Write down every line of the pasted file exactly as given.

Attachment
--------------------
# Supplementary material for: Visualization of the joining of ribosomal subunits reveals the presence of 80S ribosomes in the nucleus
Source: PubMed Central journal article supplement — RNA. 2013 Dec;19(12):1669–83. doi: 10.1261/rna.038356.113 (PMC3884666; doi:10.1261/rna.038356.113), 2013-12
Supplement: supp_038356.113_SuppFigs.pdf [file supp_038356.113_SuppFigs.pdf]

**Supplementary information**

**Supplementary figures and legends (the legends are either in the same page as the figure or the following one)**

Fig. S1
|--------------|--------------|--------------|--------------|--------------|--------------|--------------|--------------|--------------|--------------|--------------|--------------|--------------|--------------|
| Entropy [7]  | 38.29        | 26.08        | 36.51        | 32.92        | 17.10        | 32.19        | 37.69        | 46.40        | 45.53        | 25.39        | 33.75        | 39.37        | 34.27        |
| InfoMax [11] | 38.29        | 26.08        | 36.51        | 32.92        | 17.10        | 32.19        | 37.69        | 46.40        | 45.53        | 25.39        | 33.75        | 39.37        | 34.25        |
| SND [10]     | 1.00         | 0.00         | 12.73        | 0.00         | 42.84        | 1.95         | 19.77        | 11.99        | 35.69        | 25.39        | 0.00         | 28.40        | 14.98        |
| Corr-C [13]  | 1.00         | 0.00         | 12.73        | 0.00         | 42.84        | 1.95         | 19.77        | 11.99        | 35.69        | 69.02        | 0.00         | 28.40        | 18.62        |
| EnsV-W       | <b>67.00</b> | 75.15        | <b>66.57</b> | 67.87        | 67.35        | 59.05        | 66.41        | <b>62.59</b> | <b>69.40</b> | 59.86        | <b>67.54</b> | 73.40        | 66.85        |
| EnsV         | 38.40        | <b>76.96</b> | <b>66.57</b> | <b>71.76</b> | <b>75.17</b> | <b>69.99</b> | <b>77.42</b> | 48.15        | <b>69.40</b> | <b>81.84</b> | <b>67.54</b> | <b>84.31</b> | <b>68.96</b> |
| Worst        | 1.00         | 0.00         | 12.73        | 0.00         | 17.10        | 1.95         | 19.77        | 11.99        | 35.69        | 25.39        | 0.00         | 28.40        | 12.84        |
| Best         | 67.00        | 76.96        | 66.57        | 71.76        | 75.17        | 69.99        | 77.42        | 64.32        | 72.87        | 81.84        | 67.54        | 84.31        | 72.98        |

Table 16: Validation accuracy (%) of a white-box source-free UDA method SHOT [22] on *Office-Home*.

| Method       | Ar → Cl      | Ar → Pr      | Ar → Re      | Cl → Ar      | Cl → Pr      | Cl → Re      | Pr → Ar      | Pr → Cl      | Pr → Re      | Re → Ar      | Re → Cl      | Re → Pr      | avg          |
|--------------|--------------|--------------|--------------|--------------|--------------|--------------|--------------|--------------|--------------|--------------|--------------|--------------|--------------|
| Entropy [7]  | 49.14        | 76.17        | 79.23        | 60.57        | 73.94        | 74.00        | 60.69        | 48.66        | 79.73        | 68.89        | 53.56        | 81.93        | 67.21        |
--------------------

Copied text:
# Supplementary material for: Visualization of the joining of ribosomal subunits reveals the presence of 80S ribosomes in the nucleus
Source: PubMed Central journal article supplement — RNA. 2013 Dec;19(12):1669–83. doi: 10.1261/rna.038356.113 (PMC3884666; doi:10.1261/rna.038356.113), 2013-12
Supplement: supp_038356.113_SuppFigs.pdf [file supp_038356.113_SuppFigs.pdf]

**Supplementary information**

**Supplementary figures and legends (the legends are either in the same page as the figure or the following one)**

Fig. S1
|--------------|--------------|--------------|--------------|--------------|--------------|--------------|--------------|--------------|--------------|--------------|--------------|--------------|--------------|
| Entropy [7]  | 38.29        | 26.08        | 36.51        | 32.92        | 17.10        | 32.19        | 37.69        | 46.40        | 45.53        | 25.39        | 33.75        | 39.37        | 34.27        |
| InfoMax [11] | 38.29        | 26.08        | 36.51        | 32.92        | 17.10        | 32.19        | 37.69        | 46.40        | 45.53        | 25.39        | 33.75        | 39.37        | 34.25        |
| SND [10]     | 1.00         | 0.00         | 12.73        | 0.00         | 42.84        | 1.95         | 19.77        | 11.99        | 35.69        | 25.39        | 0.00         | 28.40        | 14.98        |
| Corr-C [13]  | 1.00         | 0.00         | 12.73        | 0.00         | 42.84        | 1.95         | 19.77        | 11.99        | 35.69        | 69.02        | 0.00         | 28.40        | 18.62        |
| EnsV-W       | <b>67.00</b> | 75.15        | <b>66.57</b> | 67.87        | 67.35        | 59.05        | 66.41        | <b>62.59</b> | <b>69.40</b> | 59.86        | <b>67.54</b> | 73.40        | 66.85        |
| EnsV         | 38.40        | <b>76.96</b> | <b>66.57</b> | <b>71.76</b> | <b>75.17</b> | <b>69.99</b> | <b>77.42</b> | 48.15        | <b>69.40</b> | <b>81.84</b> | <b>67.54</b> | <b>84.31</b> | <b>68.96</b> |
| Worst        | 1.00         | 0.00         | 12.73        | 0.00         | 17.10        | 1.95         | 19.77        | 11.99        | 35.69        | 25.39        | 0.00         | 28.40        | 12.84        |
| Best         | 67.00        | 76.96        | 66.57        | 71.76        | 75.17        | 69.99        | 77.42        | 64.32        | 72.87        | 81.84        | 67.54        | 84.31        | 72.98        |

Table 16: Validation accuracy (%) of a white-box source-free UDA method SHOT [22] on *Office-Home*.

| Method       | Ar → Cl      | Ar → Pr      | Ar → Re      | Cl → Ar      | Cl → Pr      | Cl → Re      | Pr → Ar      | Pr → Cl      | Pr → Re      | Re → Ar      | Re → Cl      | Re → Pr      | avg          |
|--------------|--------------|--------------|--------------|--------------|--------------|--------------|--------------|--------------|--------------|--------------|--------------|--------------|--------------|
| Entropy [7]  | 49.14        | 76.17        | 79.23        | 60.57        | 73.94        | 74.00        | 60.69        | 48.66        | 79.73        | 68.89        | 53.56        | 81.93        | 67.21        |